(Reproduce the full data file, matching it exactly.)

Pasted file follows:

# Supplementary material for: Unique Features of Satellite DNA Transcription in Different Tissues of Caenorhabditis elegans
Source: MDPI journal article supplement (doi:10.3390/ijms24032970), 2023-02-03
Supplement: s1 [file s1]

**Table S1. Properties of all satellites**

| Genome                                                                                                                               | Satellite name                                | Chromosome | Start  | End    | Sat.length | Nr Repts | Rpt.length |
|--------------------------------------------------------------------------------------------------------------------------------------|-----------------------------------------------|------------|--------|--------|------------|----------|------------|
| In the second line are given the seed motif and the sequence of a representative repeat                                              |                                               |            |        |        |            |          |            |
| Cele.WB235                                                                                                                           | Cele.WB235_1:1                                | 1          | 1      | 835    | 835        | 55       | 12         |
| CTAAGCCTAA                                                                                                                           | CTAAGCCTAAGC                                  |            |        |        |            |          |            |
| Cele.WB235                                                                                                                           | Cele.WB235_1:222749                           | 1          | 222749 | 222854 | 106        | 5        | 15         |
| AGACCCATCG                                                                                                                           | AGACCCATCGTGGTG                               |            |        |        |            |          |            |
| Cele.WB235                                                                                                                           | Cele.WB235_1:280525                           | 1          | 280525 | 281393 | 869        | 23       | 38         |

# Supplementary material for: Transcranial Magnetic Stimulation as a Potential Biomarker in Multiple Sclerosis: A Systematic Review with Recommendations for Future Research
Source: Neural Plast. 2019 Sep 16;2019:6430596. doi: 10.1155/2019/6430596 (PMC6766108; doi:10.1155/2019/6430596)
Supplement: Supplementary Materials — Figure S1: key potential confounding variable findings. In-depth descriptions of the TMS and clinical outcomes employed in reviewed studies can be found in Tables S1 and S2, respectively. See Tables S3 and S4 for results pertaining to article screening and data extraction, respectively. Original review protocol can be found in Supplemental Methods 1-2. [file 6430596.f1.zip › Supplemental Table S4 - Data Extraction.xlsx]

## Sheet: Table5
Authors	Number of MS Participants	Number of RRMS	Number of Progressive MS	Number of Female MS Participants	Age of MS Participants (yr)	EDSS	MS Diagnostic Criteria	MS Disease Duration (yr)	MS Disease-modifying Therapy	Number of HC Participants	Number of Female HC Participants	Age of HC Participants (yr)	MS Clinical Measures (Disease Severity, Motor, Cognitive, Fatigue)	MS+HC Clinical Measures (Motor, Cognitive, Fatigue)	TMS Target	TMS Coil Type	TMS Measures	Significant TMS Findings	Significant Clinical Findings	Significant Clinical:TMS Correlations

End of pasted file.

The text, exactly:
# Supplementary material for: Unique Features of Satellite DNA Transcription in Different Tissues of Caenorhabditis elegans
Source: MDPI journal article supplement (doi:10.3390/ijms24032970), 2023-02-03
Supplement: s1 [file s1]

**Table S1. Properties of all satellites**

| Genome                                                                                                                               | Satellite name                                | Chromosome | Start  | End    | Sat.length | Nr Repts | Rpt.length |
|--------------------------------------------------------------------------------------------------------------------------------------|-----------------------------------------------|------------|--------|--------|------------|----------|------------|
| In the second line are given the seed motif and the sequence of a representative repeat                                              |                                               |            |        |        |            |          |            |
| Cele.WB235                                                                                                                           | Cele.WB235_1:1                                | 1          | 1      | 835    | 835        | 55       | 12         |
| CTAAGCCTAA                                                                                                                           | CTAAGCCTAAGC                                  |            |        |        |            |          |            |
| Cele.WB235                                                                                                                           | Cele.WB235_1:222749                           | 1          | 222749 | 222854 | 106        | 5        | 15         |
| AGACCCATCG                                                                                                                           | AGACCCATCGTGGTG                               |            |        |        |            |          |            |
| Cele.WB235                                                                                                                           | Cele.WB235_1:280525                           | 1          | 280525 | 281393 | 869        | 23       | 38         |

# Supplementary material for: Transcranial Magnetic Stimulation as a Potential Biomarker in Multiple Sclerosis: A Systematic Review with Recommendations for Future Research
Source: Neural Plast. 2019 Sep 16;2019:6430596. doi: 10.1155/2019/6430596 (PMC6766108; doi:10.1155/2019/6430596)
Supplement: Supplementary Materials — Figure S1: key potential confounding variable findings. In-depth descriptions of the TMS and clinical outcomes employed in reviewed studies can be found in Tables S1 and S2, respectively. See Tables S3 and S4 for results pertaining to article screening and data extraction, respectively. Original review protocol can be found in Supplemental Methods 1-2. [file 6430596.f1.zip › Supplemental Table S4 - Data Extraction.xlsx]

## Sheet: Table5
Authors	Number of MS Participants	Number of RRMS	Number of Progressive MS	Number of Female MS Participants	Age of MS Participants (yr)	EDSS	MS Diagnostic Criteria	MS Disease Duration (yr)	MS Disease-modifying Therapy	Number of HC Participants	Number of Female HC Participants	Age of HC Participants (yr)	MS Clinical Measures (Disease Severity, Motor, Cognitive, Fatigue)	MS+HC Clinical Measures (Motor, Cognitive, Fatigue)	TMS Target	TMS Coil Type	TMS Measures	Significant TMS Findings	Significant Clinical Findings	Significant Clinical:TMS Correlations